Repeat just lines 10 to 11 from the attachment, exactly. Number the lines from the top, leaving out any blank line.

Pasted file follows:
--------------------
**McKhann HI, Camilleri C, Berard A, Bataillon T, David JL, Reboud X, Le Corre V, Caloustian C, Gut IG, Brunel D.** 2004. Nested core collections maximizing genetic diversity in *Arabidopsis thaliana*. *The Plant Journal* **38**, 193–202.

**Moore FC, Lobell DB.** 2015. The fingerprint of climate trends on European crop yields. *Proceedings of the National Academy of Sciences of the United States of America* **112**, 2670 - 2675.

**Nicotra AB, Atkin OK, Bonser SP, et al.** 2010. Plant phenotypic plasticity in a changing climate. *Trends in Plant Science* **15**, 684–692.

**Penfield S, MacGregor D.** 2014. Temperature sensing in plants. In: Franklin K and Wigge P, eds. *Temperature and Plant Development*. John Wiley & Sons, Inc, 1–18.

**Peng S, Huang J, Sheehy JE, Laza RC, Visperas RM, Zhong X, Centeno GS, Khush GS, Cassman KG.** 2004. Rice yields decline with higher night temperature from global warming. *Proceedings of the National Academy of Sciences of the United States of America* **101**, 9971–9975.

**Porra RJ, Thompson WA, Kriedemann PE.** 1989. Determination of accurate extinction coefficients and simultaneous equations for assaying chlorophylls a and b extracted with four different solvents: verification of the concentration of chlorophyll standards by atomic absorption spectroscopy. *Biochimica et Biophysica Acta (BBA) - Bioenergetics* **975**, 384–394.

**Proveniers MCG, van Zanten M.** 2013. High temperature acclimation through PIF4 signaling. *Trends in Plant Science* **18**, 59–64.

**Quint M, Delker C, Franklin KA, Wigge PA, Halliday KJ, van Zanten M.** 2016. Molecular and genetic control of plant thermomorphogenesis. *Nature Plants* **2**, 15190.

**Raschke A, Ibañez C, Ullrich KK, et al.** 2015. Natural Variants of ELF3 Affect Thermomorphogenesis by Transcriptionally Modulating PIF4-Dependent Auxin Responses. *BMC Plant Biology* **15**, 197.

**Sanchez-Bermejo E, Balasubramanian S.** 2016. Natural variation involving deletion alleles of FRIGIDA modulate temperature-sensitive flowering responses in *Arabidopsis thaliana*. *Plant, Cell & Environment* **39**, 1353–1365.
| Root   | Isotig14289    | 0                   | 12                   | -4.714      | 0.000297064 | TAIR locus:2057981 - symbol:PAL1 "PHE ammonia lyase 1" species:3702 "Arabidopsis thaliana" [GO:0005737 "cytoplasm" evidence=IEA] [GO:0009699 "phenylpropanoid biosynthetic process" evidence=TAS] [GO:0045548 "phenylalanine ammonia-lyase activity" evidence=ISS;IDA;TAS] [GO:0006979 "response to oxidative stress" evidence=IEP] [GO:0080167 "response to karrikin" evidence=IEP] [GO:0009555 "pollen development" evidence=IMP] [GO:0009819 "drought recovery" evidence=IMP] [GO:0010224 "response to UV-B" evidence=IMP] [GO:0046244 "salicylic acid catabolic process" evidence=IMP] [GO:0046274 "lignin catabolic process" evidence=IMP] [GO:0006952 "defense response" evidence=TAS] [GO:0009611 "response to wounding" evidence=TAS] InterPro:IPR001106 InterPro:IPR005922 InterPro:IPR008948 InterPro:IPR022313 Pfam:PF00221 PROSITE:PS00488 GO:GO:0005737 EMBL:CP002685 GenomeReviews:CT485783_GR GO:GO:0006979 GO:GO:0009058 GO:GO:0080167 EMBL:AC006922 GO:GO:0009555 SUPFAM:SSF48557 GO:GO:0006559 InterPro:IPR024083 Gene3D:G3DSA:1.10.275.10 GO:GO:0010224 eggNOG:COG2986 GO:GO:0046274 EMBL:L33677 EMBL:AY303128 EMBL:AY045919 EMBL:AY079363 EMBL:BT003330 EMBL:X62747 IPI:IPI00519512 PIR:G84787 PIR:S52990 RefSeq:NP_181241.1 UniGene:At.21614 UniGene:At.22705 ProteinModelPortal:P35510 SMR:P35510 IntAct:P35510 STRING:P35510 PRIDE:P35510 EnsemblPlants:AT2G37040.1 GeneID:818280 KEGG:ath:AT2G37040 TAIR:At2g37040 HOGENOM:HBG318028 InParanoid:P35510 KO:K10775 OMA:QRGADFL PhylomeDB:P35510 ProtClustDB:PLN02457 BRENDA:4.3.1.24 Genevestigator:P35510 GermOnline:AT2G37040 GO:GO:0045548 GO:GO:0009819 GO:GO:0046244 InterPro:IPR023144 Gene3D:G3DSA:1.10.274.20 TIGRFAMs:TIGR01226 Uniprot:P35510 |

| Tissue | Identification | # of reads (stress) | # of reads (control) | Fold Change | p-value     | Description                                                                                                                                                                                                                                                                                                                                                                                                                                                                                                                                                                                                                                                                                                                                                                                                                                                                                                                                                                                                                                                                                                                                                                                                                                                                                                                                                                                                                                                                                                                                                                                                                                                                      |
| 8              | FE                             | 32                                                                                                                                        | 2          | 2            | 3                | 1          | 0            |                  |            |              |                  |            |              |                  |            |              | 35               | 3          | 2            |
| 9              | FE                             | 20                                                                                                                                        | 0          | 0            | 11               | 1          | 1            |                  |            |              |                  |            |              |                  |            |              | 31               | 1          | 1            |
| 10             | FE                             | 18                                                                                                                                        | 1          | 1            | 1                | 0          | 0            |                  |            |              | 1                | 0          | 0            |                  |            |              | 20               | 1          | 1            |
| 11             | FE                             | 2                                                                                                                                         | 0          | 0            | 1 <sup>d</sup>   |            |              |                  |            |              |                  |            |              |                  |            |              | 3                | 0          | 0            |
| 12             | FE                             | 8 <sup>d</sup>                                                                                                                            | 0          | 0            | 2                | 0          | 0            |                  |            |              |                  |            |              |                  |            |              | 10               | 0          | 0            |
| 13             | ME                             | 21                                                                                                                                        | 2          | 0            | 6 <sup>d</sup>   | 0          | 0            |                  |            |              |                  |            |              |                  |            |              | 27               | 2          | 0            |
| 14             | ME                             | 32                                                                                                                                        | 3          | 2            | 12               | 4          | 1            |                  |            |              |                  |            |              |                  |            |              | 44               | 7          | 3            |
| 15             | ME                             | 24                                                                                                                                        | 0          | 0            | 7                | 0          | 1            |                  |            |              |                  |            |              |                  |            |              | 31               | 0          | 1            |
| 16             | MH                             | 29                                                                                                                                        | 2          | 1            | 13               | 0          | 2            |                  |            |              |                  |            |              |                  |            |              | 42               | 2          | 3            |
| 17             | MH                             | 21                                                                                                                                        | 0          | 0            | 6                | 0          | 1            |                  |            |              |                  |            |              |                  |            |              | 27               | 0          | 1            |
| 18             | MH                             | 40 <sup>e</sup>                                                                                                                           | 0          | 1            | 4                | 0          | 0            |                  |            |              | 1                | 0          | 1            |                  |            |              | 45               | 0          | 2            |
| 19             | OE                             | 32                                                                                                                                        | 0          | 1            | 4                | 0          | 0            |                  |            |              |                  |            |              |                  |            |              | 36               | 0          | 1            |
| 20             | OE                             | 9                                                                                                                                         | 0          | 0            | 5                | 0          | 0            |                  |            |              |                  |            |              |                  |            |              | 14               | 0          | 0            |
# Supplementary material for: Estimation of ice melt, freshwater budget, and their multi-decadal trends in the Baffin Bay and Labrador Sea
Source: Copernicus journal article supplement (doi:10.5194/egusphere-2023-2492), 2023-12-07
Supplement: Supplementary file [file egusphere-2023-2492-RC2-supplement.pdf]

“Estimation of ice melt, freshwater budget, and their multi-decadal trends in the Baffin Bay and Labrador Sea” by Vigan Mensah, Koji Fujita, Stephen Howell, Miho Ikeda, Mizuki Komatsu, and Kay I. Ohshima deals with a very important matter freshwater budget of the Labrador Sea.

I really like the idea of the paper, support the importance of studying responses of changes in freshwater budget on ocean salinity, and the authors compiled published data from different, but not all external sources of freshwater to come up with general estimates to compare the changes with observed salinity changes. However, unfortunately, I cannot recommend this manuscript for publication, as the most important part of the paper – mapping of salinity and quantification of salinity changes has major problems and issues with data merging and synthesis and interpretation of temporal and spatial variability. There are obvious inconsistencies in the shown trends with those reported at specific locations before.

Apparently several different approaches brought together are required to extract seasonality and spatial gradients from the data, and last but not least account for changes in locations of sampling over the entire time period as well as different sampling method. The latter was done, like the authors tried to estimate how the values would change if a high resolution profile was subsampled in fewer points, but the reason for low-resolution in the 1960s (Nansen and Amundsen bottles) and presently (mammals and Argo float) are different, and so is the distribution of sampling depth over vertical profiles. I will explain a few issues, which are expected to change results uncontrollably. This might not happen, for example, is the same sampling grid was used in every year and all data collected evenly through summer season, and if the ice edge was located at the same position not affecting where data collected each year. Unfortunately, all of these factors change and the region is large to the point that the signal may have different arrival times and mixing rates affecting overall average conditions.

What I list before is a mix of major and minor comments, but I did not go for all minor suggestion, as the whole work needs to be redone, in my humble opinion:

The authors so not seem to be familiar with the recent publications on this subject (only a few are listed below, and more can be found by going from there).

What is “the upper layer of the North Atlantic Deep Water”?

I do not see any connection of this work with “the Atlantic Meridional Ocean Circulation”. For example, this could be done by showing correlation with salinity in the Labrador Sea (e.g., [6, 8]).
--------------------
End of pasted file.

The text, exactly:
**Sanchez-Bermejo E, Balasubramanian S.** 2016. Natural variation involving deletion alleles of FRIGIDA modulate temperature-sensitive flowering responses in *Arabidopsis thaliana*. *Plant, Cell & Environment* **39**, 1353–1365.
| Root   | Isotig14289    | 0                   | 12                   | -4.714      | 0.000297064 | TAIR locus:2057981 - symbol:PAL1 "PHE ammonia lyase 1" species:3702 "Arabidopsis thaliana" [GO:0005737 "cytoplasm" evidence=IEA] [GO:0009699 "phenylpropanoid biosynthetic process" evidence=TAS] [GO:0045548 "phenylalanine ammonia-lyase activity" evidence=ISS;IDA;TAS] [GO:0006979 "response to oxidative stress" evidence=IEP] [GO:0080167 "response to karrikin" evidence=IEP] [GO:0009555 "pollen development" evidence=IMP] [GO:0009819 "drought recovery" evidence=IMP] [GO:0010224 "response to UV-B" evidence=IMP] [GO:0046244 "salicylic acid catabolic process" evidence=IMP] [GO:0046274 "lignin catabolic process" evidence=IMP] [GO:0006952 "defense response" evidence=TAS] [GO:0009611 "response to wounding" evidence=TAS] InterPro:IPR001106 InterPro:IPR005922 InterPro:IPR008948 InterPro:IPR022313 Pfam:PF00221 PROSITE:PS00488 GO:GO:0005737 EMBL:CP002685 GenomeReviews:CT485783_GR GO:GO:0006979 GO:GO:0009058 GO:GO:0080167 EMBL:AC006922 GO:GO:0009555 SUPFAM:SSF48557 GO:GO:0006559 InterPro:IPR024083 Gene3D:G3DSA:1.10.275.10 GO:GO:0010224 eggNOG:COG2986 GO:GO:0046274 EMBL:L33677 EMBL:AY303128 EMBL:AY045919 EMBL:AY079363 EMBL:BT003330 EMBL:X62747 IPI:IPI00519512 PIR:G84787 PIR:S52990 RefSeq:NP_181241.1 UniGene:At.21614 UniGene:At.22705 ProteinModelPortal:P35510 SMR:P35510 IntAct:P35510 STRING:P35510 PRIDE:P35510 EnsemblPlants:AT2G37040.1 GeneID:818280 KEGG:ath:AT2G37040 TAIR:At2g37040 HOGENOM:HBG318028 InParanoid:P35510 KO:K10775 OMA:QRGADFL PhylomeDB:P35510 ProtClustDB:PLN02457 BRENDA:4.3.1.24 Genevestigator:P35510 GermOnline:AT2G37040 GO:GO:0045548 GO:GO:0009819 GO:GO:0046244 InterPro:IPR023144 Gene3D:G3DSA:1.10.274.20 TIGRFAMs:TIGR01226 Uniprot:P35510 |